The Computer Graphics Metafile (CGM) is the International Standard for storage and exchange of 2D graphical data. Although initially a vector format, it has been extended in 2 upwardly compatible extensions to include raster capabilities and provides a very useful format for combined raster and vector images.
A metafile is a collection of elements. These elements may be the geometric components of the picture, such as polyline or polygon. They may be details of the appearance of these components, such as line colour. They may be information to the interpreter about how to interpret a particular metafile or a particular picture. The CGM standard specifies which elements are allowed to occur in which positions in a metafile.
CGM also has profile rules and a Model Profile to attempt to solve the problem of flavours of standards. 4 Internationally Standardised Profiles (ISPs) have been developed for CGM. CGM has been accepted as a MIME data type.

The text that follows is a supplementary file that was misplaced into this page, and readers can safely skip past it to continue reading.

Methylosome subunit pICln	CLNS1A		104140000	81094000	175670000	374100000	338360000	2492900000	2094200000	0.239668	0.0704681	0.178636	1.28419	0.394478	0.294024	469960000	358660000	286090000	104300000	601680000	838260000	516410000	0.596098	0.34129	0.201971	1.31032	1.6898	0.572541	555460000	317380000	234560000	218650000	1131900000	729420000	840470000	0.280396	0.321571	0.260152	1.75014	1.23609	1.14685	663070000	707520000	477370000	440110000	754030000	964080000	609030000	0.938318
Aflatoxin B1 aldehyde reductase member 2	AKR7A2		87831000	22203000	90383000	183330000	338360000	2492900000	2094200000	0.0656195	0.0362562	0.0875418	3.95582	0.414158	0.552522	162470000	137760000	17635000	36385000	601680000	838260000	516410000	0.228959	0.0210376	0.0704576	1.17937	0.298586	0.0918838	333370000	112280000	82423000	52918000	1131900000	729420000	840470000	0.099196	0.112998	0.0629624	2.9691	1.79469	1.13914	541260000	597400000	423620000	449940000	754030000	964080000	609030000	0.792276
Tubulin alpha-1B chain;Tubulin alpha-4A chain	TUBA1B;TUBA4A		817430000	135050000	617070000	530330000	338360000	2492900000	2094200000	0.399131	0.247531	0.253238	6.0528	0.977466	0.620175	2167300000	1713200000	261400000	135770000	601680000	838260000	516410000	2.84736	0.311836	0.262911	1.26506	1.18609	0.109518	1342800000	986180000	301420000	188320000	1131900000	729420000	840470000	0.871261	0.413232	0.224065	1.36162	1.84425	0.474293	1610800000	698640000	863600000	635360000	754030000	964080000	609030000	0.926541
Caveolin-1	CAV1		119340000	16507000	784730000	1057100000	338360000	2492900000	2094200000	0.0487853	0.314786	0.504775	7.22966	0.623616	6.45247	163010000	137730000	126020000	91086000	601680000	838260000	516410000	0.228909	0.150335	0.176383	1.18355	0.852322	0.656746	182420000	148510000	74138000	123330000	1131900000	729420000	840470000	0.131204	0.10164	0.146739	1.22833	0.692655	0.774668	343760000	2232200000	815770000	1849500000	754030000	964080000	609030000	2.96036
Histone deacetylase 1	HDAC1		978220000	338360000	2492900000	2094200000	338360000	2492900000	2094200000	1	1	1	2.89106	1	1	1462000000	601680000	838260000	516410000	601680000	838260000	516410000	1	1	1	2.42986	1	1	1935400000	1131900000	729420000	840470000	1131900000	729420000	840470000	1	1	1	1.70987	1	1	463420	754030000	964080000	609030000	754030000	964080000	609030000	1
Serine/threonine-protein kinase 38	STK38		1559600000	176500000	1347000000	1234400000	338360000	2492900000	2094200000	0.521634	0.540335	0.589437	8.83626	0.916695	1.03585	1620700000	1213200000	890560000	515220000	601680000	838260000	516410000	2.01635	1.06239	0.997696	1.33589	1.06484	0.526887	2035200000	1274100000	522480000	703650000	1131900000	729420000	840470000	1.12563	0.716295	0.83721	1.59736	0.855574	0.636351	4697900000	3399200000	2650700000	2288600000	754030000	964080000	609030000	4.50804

CGM became an international standard in 1987 - IS 8632: 1987 and was also adopted as a national standard in many countries, such as the UK (by BSI) and the USA (by ANSI).
Following a number of published ammendments to give it increased functionality, such as font naming, external symbol libraries, compound clipping paths, curve primitives and colour calibration support, a revised standard was published in 1992 - IS 8632: 1992.
CGM was one of the standards chosen by the US Department of Defence for their major CALS open documentation initiative.
CGM is also being discussed by W3C as a standard for graphics on the WWW. Where vector diagrams are being sent across the netwerk, the use of CGM would result in lower file size, faster transfer and editable files when compared with raster formats such as GIF.
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